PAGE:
Sexual assault not just a ‘straight’ issue

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Collegian File Photo

(Collegian File Photo)

When most people think of sexual assault, they think of a man assaulting a woman. But this generalization of a serious issue can be problematic. Sexual assault is not just a “straight people” issue: Many lesbian, gay, bisexual and transgender individuals deal with extreme cases of sexual assault throughout their lifetimes.

The general statistics surrounding sexual assault are alarming in and of themselves. According to the Rape, Abuse and Incest National Network, every 107 seconds, another American is sexually assaulted. Each year, there are approximately 293,000 victims of sexual assault. The statistics on reporting sexual assault are not comforting either: 68 percent of sexual assaults are not reported to police and 98 percent of rapists will never see prison time.

With April being Sexual Assault Awareness Month, this reminds us that through a combination of myths and stigma, sexual assault in the LGBT community is often rendered invisible or completely dismissed, even though there are statistics from the CDC that show the rate of sexual assault for LGBT individuals is higher than the sexual assault rate for heterosexual individuals.

According to the National Intimate Partner and Sexual Violence Survey, bisexual women are disproportionally impacted by sexual assault, experiencing a significantly higher lifetime prevalence of physical violence, stalking and/or rape by an intimate partner and rape by any perpetrator when compared to heterosexual women. Approximately one in five bisexual women (22 percent), and nearly one in 10 heterosexual women (nine percent), have been raped by an intimate partner in their lifetime.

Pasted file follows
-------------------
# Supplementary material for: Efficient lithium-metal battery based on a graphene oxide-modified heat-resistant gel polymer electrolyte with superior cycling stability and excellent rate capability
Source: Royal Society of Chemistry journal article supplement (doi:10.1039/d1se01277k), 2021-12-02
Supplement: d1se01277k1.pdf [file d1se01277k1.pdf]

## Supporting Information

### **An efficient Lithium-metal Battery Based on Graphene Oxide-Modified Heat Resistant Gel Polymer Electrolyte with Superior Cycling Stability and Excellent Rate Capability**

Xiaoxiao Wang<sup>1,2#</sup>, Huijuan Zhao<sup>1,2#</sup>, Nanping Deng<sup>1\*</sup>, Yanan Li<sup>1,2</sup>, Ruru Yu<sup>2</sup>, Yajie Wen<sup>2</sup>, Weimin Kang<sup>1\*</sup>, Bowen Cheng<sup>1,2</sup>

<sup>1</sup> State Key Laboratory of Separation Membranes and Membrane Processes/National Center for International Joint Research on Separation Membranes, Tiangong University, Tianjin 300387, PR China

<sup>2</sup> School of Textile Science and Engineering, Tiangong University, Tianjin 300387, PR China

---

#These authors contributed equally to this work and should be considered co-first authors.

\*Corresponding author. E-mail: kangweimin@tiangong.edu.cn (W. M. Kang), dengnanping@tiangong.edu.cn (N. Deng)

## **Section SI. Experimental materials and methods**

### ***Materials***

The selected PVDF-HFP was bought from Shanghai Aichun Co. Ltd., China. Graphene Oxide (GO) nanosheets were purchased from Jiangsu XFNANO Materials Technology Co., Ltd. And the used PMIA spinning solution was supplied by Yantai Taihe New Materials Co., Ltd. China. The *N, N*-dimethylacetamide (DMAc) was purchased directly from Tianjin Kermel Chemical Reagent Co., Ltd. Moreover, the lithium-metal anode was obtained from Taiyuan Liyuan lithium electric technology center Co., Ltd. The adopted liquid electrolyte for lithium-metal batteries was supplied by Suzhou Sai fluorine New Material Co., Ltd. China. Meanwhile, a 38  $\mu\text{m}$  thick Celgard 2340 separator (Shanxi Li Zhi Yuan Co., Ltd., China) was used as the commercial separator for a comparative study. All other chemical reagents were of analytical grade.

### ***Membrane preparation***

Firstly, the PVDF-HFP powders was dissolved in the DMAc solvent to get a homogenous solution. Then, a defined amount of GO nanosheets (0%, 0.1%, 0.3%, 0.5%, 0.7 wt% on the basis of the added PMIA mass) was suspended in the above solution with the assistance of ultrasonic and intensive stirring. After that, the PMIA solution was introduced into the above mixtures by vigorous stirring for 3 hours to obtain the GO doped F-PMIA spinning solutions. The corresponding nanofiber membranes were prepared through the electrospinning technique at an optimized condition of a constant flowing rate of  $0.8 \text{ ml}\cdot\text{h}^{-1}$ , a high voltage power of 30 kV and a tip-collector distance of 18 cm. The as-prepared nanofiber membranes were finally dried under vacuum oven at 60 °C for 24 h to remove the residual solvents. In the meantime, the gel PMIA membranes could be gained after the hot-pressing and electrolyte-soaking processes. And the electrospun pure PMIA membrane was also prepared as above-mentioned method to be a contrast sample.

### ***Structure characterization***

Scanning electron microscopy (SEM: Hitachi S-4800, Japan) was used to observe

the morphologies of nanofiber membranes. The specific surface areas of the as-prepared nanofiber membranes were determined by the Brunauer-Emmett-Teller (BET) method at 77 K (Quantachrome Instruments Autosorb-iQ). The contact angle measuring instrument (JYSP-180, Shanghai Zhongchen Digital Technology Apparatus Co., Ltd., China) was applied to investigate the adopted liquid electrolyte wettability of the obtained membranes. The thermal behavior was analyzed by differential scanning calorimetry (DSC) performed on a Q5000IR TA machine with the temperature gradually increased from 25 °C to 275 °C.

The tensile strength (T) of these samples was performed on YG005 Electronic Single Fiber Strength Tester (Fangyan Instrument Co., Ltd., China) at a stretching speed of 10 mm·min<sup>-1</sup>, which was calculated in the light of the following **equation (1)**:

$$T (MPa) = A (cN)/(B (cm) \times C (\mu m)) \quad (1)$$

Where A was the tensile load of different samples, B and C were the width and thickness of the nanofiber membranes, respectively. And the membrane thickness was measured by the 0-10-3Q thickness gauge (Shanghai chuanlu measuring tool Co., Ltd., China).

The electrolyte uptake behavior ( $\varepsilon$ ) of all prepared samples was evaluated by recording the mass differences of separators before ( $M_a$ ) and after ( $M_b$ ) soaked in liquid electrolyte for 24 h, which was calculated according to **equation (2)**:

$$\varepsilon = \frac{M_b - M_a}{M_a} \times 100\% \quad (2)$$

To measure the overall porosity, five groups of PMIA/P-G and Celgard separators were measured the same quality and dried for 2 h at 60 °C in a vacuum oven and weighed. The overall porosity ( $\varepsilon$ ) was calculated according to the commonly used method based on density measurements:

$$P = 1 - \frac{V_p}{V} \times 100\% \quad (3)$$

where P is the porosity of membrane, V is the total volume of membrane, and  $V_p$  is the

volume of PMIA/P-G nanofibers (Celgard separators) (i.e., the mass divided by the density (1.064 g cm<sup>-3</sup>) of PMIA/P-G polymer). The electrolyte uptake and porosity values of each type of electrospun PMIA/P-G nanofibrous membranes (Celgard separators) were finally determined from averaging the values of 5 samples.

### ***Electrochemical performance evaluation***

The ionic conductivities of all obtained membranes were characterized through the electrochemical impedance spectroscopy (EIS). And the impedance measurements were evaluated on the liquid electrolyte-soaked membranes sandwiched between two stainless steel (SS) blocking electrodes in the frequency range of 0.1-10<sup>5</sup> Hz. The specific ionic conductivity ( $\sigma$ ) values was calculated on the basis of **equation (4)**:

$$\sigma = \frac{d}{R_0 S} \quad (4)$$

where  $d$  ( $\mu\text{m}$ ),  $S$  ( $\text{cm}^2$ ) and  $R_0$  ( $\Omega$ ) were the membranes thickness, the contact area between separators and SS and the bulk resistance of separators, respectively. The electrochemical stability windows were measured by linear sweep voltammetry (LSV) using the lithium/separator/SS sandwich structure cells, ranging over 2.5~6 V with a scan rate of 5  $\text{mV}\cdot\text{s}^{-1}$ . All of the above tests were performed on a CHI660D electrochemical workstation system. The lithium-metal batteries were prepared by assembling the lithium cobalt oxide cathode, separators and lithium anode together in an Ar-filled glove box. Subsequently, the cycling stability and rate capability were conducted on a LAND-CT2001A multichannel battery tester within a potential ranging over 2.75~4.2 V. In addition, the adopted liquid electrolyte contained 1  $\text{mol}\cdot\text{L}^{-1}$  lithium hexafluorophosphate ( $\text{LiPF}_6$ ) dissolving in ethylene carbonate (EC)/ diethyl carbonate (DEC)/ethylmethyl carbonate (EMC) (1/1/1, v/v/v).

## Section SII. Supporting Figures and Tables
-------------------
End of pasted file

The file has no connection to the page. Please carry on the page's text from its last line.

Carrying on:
In these studies, the percentage of LGBT individuals who have been sexually assaulted is higher than for heterosexuals. But the most shocking of all is the struggles transgender people must go through.

According to the Office for Victims of Crime, one in two transgender individuals are sexually abused or assaulted at some point in their lives. This shows that the majority of transgender people are struggling with the aftermath of sexual assault and fear of potential repeat victimization.

Then why is it that LGBT people, especially transgender individuals, experience such higher rates of sexual assault? And more importantly, why do their struggles often go unnoticed when looking at the issue of sexual assault.

I’m tired of hearing about violence being committed against transgender people and I’m tired of hearing about members of the community being ridiculed for their sexuality, something only they can decide.

Whether straight or gay, transgender or bisexual, we all deserve the same level of respect. And no one deserves to be hurt in any relationship.

Some of these sexual assaults in the LGBT community can be prevented. We can implement prevention approaches that promote acceptance and recognition of healthy, respectful relationships, no matter what sexuality you identify as. LGBT should be included in national, state and local violence research, and we can refer victims and survivors to culturally-appropriate accessible services.

Survivors within the LGBT community deserve just as much attention and resources for help and safety within their community and their struggles should not be forgotten when thinking about sexual assault.

If you or someone you know has been sexually assaulted, feel free to call the National Sexual Assault Hotline at 1-800-656-HOPE (4673). Help is out there.

Devyn Giannetti is a Collegian contributor and can be reached at [email protected]